CamVC Productions’ latest show Macbeth hit the stage in March to great critical acclaim.
However, this production was unlike any other. Firstly because it was the first school production to involve all five year groups, with Year 7 pupils new to the school auditioning back in September alongside Year 11 pupils preparing for their GCSEs. Secondly this was Head of Drama Lauren Fearn’s first production at the helm, and finally because Shakespeare's classic play, now over 400 years old, was given a fresh makeover, with 15 brand new songs written by Head of Music, Geoff Page.
As well as the usual challenges that a musical presents, such as learning the songs and the choreography for each number, the actors had the extra challenge of learning to memorise and correctly deliver the language of Shakespeare's most haunting play. They admirably rose to the challenge and the very strong and talented cast of 28 pupils were ably supported by a fantastic band, tech team, and backstage crew, all made up of students from the school.
The production was performed to around 200 primary school pupils earlier in the week, before playing to four large and enthusiastic audiences, especially later in the run, as word got around that Macbeth the Musical was not to be missed. Deputy Principal Emily Moody said: “This is a production where every element dazzles, from the atmospheric lighting to the edgy costumes and the threatening set. ltis by tums ominous, haunting and jazzy.
“We are shown the witches in all their creepiness, eyes glaring and movements perfectly choreographed, with dramatic and clever use of stagecraft to bring the supernatural before us.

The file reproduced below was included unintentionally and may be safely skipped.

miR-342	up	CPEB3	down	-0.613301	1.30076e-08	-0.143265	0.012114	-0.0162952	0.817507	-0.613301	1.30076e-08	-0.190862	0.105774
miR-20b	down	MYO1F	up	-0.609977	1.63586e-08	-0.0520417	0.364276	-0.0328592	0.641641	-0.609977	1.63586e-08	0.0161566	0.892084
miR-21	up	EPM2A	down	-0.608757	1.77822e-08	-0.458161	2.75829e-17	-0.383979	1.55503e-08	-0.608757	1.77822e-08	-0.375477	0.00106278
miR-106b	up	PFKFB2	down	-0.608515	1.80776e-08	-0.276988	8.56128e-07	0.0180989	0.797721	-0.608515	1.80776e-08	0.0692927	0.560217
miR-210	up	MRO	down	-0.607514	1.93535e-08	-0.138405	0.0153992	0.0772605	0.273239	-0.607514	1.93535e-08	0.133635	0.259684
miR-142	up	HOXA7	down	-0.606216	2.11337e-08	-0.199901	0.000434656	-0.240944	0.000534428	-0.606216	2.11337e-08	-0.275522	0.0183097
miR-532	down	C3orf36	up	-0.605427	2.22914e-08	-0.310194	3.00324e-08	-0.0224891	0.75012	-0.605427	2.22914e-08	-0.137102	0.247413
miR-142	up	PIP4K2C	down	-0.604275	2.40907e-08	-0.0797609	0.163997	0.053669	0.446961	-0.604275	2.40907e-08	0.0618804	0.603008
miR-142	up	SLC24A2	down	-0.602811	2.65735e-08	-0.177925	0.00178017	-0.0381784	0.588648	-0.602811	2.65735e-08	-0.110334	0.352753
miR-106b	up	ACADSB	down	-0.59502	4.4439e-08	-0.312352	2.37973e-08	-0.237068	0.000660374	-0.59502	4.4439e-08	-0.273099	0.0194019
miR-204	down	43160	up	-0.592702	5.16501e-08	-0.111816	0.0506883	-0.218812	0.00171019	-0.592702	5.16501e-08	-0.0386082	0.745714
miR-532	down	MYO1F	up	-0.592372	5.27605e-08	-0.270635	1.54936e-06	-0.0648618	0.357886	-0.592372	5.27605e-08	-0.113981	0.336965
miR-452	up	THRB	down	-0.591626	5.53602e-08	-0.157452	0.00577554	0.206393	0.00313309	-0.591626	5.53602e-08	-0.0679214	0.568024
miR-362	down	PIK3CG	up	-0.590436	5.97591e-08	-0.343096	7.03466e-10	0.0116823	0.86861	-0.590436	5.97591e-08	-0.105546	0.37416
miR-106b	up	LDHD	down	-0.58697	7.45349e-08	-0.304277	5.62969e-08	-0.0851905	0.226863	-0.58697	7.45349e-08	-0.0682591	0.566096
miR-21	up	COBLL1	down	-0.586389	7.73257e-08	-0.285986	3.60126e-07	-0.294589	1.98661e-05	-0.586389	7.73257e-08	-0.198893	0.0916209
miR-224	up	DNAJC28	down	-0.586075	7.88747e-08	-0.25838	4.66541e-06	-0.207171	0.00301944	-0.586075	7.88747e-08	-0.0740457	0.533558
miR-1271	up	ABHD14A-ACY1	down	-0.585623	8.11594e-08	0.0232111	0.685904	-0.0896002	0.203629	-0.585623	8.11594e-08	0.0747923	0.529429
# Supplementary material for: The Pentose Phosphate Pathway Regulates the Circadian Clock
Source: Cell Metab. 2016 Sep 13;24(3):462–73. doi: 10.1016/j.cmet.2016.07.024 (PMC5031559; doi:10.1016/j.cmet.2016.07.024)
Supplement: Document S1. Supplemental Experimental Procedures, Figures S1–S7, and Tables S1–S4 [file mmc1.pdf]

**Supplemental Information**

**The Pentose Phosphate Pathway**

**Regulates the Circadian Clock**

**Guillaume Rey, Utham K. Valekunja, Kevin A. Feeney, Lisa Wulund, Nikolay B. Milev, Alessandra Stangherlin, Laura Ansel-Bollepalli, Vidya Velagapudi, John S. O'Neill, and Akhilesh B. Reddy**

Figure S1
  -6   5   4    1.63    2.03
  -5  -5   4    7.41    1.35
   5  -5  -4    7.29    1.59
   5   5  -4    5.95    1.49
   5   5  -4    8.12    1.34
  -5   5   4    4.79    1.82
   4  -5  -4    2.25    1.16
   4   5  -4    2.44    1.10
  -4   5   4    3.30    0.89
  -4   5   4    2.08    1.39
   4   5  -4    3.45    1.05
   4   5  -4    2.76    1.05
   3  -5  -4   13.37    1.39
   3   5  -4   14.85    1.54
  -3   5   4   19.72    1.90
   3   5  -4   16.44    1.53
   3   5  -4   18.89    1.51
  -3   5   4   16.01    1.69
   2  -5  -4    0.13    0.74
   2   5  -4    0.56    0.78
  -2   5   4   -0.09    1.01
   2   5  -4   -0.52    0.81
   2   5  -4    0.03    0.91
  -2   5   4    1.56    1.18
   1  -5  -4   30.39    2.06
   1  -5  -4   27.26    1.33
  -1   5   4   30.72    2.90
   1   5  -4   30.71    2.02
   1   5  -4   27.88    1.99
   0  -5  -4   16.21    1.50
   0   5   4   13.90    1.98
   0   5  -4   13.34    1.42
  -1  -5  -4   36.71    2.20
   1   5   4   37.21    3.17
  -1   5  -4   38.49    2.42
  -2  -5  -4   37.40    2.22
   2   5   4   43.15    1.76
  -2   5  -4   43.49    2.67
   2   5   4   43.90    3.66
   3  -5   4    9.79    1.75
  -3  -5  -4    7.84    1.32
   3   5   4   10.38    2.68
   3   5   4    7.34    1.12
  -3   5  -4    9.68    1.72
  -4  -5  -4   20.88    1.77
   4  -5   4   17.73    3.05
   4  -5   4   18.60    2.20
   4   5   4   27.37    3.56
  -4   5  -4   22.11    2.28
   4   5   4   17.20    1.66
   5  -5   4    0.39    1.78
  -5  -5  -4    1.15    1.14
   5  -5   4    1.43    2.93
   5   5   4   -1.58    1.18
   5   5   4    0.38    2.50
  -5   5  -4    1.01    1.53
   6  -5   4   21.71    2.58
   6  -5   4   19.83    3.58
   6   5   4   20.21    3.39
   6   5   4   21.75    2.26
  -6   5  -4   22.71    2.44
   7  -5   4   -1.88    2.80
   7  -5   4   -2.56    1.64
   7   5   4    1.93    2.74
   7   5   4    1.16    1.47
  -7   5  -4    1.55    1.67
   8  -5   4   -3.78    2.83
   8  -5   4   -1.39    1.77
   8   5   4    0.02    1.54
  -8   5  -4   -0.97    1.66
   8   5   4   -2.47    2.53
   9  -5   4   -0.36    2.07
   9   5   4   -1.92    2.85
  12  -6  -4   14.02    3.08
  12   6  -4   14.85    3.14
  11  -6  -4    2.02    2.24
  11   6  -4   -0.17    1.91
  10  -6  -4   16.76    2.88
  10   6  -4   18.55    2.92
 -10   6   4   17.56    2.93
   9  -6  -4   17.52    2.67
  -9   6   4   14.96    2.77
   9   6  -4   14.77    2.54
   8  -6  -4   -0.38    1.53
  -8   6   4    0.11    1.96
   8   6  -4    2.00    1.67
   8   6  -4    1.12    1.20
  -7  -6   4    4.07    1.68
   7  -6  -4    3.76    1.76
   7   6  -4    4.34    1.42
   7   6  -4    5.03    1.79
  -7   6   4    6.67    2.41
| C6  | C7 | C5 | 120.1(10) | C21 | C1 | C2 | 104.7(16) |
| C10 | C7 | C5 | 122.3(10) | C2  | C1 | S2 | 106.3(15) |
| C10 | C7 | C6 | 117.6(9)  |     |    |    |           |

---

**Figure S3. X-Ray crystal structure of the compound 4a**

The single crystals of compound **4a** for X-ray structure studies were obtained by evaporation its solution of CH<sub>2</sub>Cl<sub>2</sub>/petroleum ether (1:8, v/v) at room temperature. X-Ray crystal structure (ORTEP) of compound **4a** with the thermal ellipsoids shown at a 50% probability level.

“We see Ben as Banquo threaten Goncalo's Macbeth, who cowers before him, while Julia is a commanding Lady Macbeth, whose madness shakes us.
“We watch with bated breath as Taya and Millie evoke the tenderness of motherhood and the innocence of babyhood, before the inevitable death of the innocents is hauntingly, almost beautifully enacted.
“We tremble before Naeem's grief as Macduff, and feel Malcolm's power (Bryn) as he incites his revenge. As the crescendo builds, we sense that heads will roll.
“The band is sharp, the songs are dynamic, and the cast are hugely to be congratulated on such a slick performance, so well supported by the tech teams.
"The words of Shakespeare sound natural in their mouths, and the tragedy is evoked in a way that can't fail to impress and move us.”
And social media was alive with positive reviews of the show, such as: “| was lucky enough to get a ticket for the final night, and it was very easy to forget | was watching ‘just’ a school production. Everyone had worked extremely hard to deliver something with a high degree of professional polish.”